1. I’m a curious person so when something is recommended by friends and the Today Show and across Facebook and the Twitterverse, I can’t ignore it.
2. The book, which shall not be named because it certainly doesn’t need any more publicity, made its way onto my Kindle.
3. I’m very ashamed to admit this since there are so many wonderful books are out there that I haven’t read or even considered putting on my Kindle. Yet.
4. I haven’t put these wonderful books on my Kindle yet but I hope that I will one day soon, once I finally learn from my numerous Kindle buying mistakes. Like this one.
5. Back to the book that shall not be named: I thought it was ridiculous BUT . . .
6. I read the whole darn thing.
7. In two days.
8. And found it a little bit arousing, at moments.
9. Did I just admit that on my blog? Bad enough that I admitted to buying the book, but finishing it because it was exciting on a very physical level?
10. It’s probably too late now, but could my mother and mother-in-law and father-in-law please not read any more of this? Oh yeah. And my kids.
11. I wonder at my own admission since for all of the book’s woo-woo, I find the main characters, who participate in said woo-woo, to be about as realistic and fleshed out as two stick figures. One of them bent and broken with lots of fiery red welts, mind you.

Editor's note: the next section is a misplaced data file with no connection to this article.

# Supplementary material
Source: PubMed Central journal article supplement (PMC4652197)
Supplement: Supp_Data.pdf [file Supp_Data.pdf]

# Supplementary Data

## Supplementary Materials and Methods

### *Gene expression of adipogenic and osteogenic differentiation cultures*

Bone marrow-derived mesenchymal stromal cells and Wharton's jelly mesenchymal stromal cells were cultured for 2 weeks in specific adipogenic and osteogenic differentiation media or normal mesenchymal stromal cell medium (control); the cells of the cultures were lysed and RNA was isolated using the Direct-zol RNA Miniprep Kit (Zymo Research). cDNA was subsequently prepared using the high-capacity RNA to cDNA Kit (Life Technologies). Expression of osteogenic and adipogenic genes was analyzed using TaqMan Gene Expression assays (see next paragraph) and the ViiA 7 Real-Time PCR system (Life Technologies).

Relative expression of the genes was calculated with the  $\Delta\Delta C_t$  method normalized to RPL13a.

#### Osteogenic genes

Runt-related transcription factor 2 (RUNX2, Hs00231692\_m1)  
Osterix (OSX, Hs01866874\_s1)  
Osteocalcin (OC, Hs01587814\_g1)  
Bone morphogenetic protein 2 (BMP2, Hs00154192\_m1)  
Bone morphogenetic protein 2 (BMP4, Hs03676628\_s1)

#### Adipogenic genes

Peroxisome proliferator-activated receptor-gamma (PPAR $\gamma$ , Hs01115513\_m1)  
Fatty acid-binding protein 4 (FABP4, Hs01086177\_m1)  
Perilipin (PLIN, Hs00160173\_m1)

12. And their relationship is completely not what I would ever want for myself or for my children. Or for anyone.
13. I’m talking about the relationship here. I’m not talking about the (cover your ears/eyes please, kiddies!) sex or the sex games.
14. I don’t care if two mature adults choose to play games that they both agree upon, even if they are not my cuppa.
15. And I completely get that a strong and powerful man like Mr. Grey of said unnamed book definitely can be appealing to many women, myself included, BUT not the selfish part. Or the violent part. Which are two of his largest parts. And the third large part that we know about, while valuable to a sex life, still doesn’t rank higher than somebody who treats me with respect. And interest.